Other companies are keeping it green at a local level through national volunteering body Community Service Volunteers (CSV), which sets corporate taskforces to work on community projects, often on company time. Mike Williams, director of the CSV’s environment division in Birmingham, explains: "They do a range of things. Lately in Bristol, we worked with Natwest and the Royal Bank of Scotland, doing pathway work, clearing overgrown vegetation and doing a litter pick. A lot of companies have a clear policy that they want to give something back to the community, doing whatever needs to be done. The projects are self-contained so that there’s a sense of achievement. People can make a difference after a few hours of hard work." He adds that work is often carried out in response to requests for help from community organisations, but in many cases, the CSV actively locates projects.
On a similar theme, environmental services group Severn Trent allows staff to take paid leave on a casual basis for green causes. Steve Hodgson, press officer, says: "We’re happy to support employees who get involved in a project they’re interested in. Alternatively, they can make a management request to use it as team building exercise."
And it is not just the big guys spreading the word. Smaller organisations are typically agents of change and international environmental organisation Friends of the Earth is naturally at the forefront of green benefits. Staff are encouraged to buy bicycles with tax-free loans, and human resources manager, Carol Hughes, says around a quarter of its 90 staff cycle to work daily. The company also has a flexible working policy that allows home workers to avoid London’s congested roads. Employees can make use of regular organic food runs, and space is provided to grow fruit and vegetables. "You can say we harvest lunch as well as eat it," she adds.
Ethical firm Triodos Bank also offers a tax-efficient bicycle scheme using a salary sacrifice arrangement, with free service check ups and discounts to encourage take-up rates. And Delta International, a compliance resource provider to the financial services industry, has introduced an earth-friendly expenses system. Staff that swap their car for public transport are rewarded with first class train travel, and mobile employees are encouraged to use hotels instead of burning up the motorway.
In the public sector, the Government’s work around transport sustainability has devolved to a local level. According to the Environmental Information Exchange, some 58% of journeys are less than 5km in length, so there is plenty of potential to curb carbon emissions. The Department of Transport recommends using a green travel plan (GTP) as implemented in many parts of North America. Its suggestions include advocating a flexible benefits package which contains an attractive alternative to a company car.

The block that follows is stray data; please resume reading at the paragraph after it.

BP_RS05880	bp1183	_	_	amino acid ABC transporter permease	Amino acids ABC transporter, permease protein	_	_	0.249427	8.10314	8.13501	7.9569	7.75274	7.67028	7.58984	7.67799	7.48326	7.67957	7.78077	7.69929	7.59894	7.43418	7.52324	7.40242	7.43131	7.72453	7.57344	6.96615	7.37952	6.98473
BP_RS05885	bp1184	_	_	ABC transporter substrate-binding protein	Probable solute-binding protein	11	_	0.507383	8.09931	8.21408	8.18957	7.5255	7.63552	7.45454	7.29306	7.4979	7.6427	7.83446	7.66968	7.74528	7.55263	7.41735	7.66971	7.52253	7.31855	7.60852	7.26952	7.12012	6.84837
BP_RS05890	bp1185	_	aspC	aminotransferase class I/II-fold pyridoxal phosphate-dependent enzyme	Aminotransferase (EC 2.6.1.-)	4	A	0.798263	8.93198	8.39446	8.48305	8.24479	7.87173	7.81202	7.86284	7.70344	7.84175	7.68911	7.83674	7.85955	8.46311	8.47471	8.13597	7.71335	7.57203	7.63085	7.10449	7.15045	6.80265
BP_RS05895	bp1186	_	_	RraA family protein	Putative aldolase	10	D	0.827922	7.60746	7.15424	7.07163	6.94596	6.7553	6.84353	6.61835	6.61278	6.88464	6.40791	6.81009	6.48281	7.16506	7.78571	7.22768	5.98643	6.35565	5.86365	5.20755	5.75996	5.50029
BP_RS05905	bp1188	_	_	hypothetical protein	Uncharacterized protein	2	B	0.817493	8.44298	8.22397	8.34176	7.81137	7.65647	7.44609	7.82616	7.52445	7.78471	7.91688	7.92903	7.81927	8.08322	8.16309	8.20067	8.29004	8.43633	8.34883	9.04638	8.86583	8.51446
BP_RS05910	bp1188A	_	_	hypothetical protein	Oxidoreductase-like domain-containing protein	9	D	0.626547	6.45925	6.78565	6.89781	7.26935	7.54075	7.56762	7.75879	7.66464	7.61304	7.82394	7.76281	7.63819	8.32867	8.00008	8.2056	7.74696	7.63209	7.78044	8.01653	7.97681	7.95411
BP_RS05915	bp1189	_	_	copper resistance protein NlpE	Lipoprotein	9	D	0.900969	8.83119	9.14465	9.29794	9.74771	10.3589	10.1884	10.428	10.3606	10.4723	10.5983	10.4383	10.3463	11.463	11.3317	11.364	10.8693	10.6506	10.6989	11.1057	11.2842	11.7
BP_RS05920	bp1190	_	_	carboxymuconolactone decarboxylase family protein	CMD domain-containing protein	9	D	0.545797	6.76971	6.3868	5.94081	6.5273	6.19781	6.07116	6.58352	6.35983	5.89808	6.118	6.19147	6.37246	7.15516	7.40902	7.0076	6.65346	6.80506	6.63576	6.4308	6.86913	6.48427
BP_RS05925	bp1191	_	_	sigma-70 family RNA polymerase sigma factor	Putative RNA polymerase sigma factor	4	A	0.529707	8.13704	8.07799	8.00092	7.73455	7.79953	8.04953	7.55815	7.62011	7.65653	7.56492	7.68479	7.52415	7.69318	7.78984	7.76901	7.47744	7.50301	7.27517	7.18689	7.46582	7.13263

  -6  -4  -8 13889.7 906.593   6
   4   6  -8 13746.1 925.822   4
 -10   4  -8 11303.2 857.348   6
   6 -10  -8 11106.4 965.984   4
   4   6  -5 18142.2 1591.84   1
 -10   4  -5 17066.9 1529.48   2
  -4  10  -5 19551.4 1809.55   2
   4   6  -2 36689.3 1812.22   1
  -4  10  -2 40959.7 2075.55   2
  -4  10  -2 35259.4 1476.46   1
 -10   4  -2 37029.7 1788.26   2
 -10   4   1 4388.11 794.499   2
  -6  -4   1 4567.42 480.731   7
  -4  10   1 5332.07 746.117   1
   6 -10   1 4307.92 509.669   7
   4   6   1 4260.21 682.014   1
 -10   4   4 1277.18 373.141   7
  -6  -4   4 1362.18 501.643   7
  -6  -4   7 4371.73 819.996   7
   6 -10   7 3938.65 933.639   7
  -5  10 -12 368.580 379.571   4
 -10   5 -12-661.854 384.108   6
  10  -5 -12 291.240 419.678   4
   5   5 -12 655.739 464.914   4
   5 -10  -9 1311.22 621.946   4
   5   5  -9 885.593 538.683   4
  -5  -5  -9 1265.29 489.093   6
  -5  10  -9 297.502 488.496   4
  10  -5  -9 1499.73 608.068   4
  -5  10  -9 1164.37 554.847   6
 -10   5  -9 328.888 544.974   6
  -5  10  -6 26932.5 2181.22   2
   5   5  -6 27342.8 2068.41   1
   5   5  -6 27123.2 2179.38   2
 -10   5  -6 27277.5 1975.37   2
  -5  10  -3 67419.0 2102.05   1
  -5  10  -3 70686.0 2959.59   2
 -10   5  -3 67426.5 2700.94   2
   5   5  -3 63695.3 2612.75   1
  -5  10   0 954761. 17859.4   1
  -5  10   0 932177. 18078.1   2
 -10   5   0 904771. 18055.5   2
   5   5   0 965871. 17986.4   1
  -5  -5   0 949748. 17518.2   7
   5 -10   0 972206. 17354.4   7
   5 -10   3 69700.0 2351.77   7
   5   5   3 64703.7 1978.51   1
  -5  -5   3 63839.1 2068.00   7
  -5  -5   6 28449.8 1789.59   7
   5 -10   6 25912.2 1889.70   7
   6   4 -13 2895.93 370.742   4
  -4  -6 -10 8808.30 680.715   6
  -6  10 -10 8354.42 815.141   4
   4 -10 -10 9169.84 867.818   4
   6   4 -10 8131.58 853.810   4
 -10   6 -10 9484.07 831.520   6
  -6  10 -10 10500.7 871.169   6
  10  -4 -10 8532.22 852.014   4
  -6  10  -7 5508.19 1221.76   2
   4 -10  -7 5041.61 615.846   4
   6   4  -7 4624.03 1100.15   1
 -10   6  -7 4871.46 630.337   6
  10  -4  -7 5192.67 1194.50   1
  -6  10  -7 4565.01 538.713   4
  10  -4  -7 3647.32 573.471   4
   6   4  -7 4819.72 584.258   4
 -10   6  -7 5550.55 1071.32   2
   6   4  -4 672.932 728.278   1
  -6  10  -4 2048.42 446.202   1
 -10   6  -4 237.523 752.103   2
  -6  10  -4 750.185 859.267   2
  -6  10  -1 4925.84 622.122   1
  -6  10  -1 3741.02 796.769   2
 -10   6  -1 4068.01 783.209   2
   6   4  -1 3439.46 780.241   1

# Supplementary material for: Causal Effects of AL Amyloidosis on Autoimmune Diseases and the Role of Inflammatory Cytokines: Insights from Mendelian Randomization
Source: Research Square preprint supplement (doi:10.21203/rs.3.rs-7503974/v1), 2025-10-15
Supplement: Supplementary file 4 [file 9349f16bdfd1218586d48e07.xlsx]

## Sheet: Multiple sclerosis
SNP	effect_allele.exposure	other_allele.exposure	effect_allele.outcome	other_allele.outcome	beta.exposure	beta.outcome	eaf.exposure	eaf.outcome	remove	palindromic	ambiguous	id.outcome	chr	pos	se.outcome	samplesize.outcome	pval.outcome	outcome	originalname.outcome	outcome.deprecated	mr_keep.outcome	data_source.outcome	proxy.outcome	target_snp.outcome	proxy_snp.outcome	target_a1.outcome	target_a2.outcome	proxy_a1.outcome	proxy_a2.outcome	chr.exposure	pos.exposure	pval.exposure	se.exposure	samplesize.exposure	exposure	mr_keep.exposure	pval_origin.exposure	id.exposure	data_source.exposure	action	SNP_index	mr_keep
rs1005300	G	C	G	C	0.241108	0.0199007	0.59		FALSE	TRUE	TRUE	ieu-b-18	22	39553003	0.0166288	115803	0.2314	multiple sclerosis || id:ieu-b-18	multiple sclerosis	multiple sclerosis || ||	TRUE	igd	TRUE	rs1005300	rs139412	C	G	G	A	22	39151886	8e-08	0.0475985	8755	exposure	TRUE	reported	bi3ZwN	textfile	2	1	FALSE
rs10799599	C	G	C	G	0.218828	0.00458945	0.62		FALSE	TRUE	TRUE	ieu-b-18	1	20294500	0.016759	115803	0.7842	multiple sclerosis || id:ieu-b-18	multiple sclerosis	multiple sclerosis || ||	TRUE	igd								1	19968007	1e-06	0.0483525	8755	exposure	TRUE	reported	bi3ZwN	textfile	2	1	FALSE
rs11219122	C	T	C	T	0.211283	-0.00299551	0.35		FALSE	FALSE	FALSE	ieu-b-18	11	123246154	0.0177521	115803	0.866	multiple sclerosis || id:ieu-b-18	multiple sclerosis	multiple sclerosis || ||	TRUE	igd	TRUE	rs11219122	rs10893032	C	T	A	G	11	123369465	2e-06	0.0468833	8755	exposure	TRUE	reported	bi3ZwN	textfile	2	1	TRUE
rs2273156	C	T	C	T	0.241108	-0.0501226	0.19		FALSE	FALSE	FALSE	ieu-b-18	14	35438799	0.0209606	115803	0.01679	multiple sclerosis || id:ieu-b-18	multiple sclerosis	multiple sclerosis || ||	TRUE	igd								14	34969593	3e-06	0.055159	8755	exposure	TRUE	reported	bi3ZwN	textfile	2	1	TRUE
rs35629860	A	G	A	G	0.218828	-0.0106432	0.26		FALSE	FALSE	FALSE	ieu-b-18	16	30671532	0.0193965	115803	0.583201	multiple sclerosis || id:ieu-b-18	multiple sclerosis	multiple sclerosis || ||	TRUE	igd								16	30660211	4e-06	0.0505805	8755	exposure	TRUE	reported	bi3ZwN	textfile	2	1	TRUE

Cheshire County Council has picked up on some key ideas of the GTP. Jenny Lees, travel plan co-ordinator, says: "We’ve got discounts at local cycle stores and we [try to encourage] public transport systems. We negotiate with the operator for a [travel] season ticket for the price of nine months, and we’re looking at others."
So large organisations with the resources to devote to sophisticated CSR budgets are not the only ones that are taking action, with smaller employers also doing their bit to build an earth-friendly package that doesn’t bust the budget. Earthwatch Trustee Barrett adds: "People are thinking about [the environment] a lot more. When it comes to [benefits] things like attention to the environment, work-life balance, and just having a bit of fun is very important. [Staff] are looking for an organisation that will consider these needs."
Case Study: KPMG (UK)
In 2002, KPMG (UK) introduced an environmental innovation scheme in conjunction with the Earthwatch Institute (Europe).
A Leeds-based KPMG trainee auditor was a recent winner, having designed a portable pack to allow mobile staff to recycle non-confidential reports. Mike Kelly, director of corporate social responsibility, explains the company’s interest in the scheme: "The UK graduate survey of 2004 showed 78% want to work for a environmentally-responsible employer, so it’s not just about [attracting] 25-year old eco-warriors. We’re appealing directly to that [demand]. It helps us as an employer of choice, so we can expand our hires, and keep the existing workforce as well. It also benefits [staff], it develops project management skills and challenges their creativity."